If this year’s winner of the Loebner Prize is on the right track, call-center data could be what’s needed to achieve the ultimate goal of artificial intelligence (AI): creating a computer program smart enough to hold a natural conversation.
A self-trained enthusiast with no formal academic background in AI, Rollo Carpenter created the winning program, which learns by analyzing its conversations with people as they “chat” with it online. Regardless of the language, his program analyzes every utterance it witnesses, using what Carpenter calls contextual pattern-recognition techniques. Then, when a user asks the program a question, a database is combed for the best response, statistically speaking.
This method may work for idle chit-chat. But if his bots–automated programs meant to perform specific tasks–are ever to be used in a serious commercial application or to pass the famous Turing Test for artificial intelligence, they will need a vast number of conversations, and computing power to match, says Carpenter. “I need more data,” he says.
Thousands of fans have already conversed with his programs online, over nearly 10 years, and his software now contains several million utterances. But to pass itself off as “intelligent,” the software will require at least ten times that number of utterances, says Carpenter.
To give his bots an extra boost, he’s turning to call-center data. Carpenter has begun working with a firm in Japan, and if his plan succeeds, he says his “chat bots” may eventually be able to take over the roles of human operators.
This sort of statistical brute force approach to artificial intelligence has a lot of promise, says John Barnden, an AI researcher at the University of Birmingham, U.K., and one of the judges at this year’s Loebner Prize, which was held in London. “There is enough evidence to suggest that it’s worth trying.” However, it won’t be easy, he says. While Barnden suspects that training a bot on call-center data will work for an automated program designed to handle customer calls, it will probably take a broader range of knowledge and data to make it pass the coveted Turing Test, or at least the Loebner Prize version of it.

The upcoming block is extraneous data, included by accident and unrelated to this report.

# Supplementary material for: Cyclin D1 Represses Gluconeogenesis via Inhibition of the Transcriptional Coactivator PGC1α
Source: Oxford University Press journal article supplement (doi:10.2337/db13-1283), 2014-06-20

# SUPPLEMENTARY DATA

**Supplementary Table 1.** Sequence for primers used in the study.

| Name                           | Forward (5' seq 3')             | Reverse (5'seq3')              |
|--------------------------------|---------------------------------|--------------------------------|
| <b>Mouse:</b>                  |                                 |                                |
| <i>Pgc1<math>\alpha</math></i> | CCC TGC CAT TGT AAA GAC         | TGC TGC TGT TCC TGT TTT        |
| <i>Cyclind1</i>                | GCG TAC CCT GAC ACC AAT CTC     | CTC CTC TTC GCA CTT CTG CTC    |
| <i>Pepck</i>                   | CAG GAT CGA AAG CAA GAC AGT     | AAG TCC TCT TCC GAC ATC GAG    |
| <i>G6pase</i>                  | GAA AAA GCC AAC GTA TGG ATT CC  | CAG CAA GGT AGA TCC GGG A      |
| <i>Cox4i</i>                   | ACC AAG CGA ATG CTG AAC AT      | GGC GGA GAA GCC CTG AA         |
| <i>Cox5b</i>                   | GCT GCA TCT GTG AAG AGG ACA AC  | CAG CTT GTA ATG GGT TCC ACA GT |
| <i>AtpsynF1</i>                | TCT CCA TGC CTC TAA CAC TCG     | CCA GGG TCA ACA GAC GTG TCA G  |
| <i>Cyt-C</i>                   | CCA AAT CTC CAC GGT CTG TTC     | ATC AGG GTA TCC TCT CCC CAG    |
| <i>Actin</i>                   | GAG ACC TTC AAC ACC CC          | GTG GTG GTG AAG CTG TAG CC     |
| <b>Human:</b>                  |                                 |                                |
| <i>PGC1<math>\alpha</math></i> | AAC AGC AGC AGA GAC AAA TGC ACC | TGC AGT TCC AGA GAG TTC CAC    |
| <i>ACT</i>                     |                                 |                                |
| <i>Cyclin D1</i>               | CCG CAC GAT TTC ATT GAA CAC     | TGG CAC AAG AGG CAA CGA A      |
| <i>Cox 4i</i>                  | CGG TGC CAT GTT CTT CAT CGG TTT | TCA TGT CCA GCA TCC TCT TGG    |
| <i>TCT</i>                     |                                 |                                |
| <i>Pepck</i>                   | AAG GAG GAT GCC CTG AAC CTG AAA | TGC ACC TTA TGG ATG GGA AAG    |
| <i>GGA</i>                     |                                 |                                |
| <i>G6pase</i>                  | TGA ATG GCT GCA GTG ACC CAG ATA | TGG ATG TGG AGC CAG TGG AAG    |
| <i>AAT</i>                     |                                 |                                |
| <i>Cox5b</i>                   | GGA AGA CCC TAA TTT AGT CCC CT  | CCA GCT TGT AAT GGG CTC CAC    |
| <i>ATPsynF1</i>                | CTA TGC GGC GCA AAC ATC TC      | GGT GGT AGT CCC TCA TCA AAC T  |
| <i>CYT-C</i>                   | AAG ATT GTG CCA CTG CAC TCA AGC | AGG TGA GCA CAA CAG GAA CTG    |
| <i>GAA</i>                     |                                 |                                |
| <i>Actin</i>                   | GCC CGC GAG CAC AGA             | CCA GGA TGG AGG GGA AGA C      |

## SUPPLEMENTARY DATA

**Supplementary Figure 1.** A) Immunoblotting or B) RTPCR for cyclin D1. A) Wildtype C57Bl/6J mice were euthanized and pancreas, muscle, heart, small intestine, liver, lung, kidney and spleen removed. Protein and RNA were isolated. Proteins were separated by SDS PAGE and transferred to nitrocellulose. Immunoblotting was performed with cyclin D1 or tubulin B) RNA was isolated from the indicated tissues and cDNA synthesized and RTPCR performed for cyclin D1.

During the contest, a human judge chats with two subjects, using a keyboard: one subject is a machine, the other human. According to Alan Turing, the British mathematician who conceived of the test, if a judge is unable to tell which subject is a machine and which a human, the machine can reasonably be ascribed as having human-like intelligence.
Carpenter’s program, Joan, followed the context of some of the contest conversations, and begrudgingly told a joke, much like an unenthused human. But tests of Joan (see selected transcripts from the contest below) provides some insight into Barden’s pessimism about AI.
It will take time before anyone passes the Turing Test, he says. “Joan was certainly more coherent than the others,” he says, but it was very obviously a program.